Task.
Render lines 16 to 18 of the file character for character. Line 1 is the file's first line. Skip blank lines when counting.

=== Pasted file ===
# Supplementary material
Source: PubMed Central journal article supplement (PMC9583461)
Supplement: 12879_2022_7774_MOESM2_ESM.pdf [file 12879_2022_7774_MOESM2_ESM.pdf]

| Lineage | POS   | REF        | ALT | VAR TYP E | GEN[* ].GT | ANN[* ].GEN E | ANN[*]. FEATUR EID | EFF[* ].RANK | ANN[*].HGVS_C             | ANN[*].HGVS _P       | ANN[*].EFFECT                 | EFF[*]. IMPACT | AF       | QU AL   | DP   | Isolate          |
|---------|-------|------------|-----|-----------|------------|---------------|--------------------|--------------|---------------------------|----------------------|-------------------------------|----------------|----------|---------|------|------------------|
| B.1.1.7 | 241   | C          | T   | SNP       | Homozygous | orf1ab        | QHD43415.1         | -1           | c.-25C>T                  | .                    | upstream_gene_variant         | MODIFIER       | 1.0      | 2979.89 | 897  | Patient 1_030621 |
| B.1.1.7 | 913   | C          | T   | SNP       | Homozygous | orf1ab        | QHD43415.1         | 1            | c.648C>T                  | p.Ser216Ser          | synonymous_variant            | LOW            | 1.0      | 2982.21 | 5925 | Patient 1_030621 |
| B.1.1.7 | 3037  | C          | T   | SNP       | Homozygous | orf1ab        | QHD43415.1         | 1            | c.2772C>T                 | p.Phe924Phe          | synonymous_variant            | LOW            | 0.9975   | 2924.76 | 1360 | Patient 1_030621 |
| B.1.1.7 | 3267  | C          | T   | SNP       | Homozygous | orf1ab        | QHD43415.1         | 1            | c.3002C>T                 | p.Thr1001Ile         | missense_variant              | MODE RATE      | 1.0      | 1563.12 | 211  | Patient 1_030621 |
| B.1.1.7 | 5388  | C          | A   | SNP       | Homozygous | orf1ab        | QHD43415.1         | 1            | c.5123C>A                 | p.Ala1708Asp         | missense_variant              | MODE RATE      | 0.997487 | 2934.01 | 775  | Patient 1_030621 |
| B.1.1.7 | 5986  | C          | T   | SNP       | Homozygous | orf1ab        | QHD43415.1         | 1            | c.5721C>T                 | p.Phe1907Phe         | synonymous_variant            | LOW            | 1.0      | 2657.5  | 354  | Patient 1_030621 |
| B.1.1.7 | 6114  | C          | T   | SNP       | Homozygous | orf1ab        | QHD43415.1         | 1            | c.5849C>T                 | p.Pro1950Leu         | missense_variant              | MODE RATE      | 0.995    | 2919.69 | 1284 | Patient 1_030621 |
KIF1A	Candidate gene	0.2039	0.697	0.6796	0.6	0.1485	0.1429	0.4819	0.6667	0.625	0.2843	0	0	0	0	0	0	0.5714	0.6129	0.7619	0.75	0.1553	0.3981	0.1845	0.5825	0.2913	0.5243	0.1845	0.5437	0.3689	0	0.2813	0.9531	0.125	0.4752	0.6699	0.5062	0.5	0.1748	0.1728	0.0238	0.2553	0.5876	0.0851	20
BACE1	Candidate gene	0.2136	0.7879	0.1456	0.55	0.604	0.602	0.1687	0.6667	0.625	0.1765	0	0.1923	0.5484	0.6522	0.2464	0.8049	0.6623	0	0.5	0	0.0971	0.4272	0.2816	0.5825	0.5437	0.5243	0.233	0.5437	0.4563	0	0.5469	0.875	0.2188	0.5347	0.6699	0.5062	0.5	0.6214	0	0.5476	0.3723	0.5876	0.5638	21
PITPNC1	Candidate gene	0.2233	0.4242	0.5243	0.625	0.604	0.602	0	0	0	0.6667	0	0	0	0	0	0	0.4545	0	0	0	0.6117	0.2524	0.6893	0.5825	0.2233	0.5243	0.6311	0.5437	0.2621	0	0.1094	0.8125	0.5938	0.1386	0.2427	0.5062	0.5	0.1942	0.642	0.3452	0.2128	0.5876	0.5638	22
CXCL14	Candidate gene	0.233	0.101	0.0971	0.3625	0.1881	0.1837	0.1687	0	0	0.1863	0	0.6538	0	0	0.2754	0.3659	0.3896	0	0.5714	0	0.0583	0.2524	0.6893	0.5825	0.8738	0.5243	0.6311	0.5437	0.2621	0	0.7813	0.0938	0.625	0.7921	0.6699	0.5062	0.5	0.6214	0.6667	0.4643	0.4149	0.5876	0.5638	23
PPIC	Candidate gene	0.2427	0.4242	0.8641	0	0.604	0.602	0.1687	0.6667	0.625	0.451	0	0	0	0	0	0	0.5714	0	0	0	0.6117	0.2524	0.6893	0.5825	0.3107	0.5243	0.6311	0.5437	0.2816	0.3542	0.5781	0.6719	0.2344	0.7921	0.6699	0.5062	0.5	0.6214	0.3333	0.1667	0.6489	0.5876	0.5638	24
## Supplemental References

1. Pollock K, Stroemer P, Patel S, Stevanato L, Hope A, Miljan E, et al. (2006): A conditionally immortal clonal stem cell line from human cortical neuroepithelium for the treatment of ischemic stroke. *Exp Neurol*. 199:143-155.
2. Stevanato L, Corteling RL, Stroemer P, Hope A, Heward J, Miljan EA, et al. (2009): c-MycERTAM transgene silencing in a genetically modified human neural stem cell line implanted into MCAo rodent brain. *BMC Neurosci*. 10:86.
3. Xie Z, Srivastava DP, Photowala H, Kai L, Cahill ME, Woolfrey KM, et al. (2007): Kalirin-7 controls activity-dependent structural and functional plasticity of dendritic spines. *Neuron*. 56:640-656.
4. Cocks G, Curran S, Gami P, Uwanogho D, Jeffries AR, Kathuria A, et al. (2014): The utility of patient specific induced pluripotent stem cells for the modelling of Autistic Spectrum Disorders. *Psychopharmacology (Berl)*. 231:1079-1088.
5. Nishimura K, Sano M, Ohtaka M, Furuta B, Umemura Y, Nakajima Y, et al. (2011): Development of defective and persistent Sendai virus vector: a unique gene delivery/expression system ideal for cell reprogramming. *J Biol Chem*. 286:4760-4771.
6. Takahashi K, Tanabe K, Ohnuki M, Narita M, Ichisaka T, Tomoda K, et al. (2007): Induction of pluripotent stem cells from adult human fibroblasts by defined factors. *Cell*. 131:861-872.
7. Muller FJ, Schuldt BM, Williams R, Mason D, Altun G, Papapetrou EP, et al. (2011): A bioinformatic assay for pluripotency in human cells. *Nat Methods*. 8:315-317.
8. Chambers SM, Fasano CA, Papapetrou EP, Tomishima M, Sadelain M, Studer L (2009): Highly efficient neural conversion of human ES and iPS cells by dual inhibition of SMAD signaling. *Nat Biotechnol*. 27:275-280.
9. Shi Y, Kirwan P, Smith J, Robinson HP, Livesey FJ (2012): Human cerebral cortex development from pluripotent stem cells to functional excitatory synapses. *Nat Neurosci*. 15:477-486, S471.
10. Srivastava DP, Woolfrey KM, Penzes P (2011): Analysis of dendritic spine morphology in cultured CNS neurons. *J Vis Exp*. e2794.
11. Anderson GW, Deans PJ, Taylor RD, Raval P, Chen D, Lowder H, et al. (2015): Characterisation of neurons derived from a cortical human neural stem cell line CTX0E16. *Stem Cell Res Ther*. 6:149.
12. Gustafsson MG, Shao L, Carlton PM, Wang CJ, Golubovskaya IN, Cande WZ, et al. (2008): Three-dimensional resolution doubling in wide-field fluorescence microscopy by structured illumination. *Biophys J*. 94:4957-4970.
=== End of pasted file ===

CXCL14	Candidate gene	0.233	0.101	0.0971	0.3625	0.1881	0.1837	0.1687	0	0	0.1863	0	0.6538	0	0	0.2754	0.3659	0.3896	0	0.5714	0	0.0583	0.2524	0.6893	0.5825	0.8738	0.5243	0.6311	0.5437	0.2621	0	0.7813	0.0938	0.625	0.7921	0.6699	0.5062	0.5	0.6214	0.6667	0.4643	0.4149	0.5876	0.5638	23
PPIC	Candidate gene	0.2427	0.4242	0.8641	0	0.604	0.602	0.1687	0.6667	0.625	0.451	0	0	0	0	0	0	0.5714	0	0	0	0.6117	0.2524	0.6893	0.5825	0.3107	0.5243	0.6311	0.5437	0.2816	0.3542	0.5781	0.6719	0.2344	0.7921	0.6699	0.5062	0.5	0.6214	0.3333	0.1667	0.6489	0.5876	0.5638	24
## Supplemental References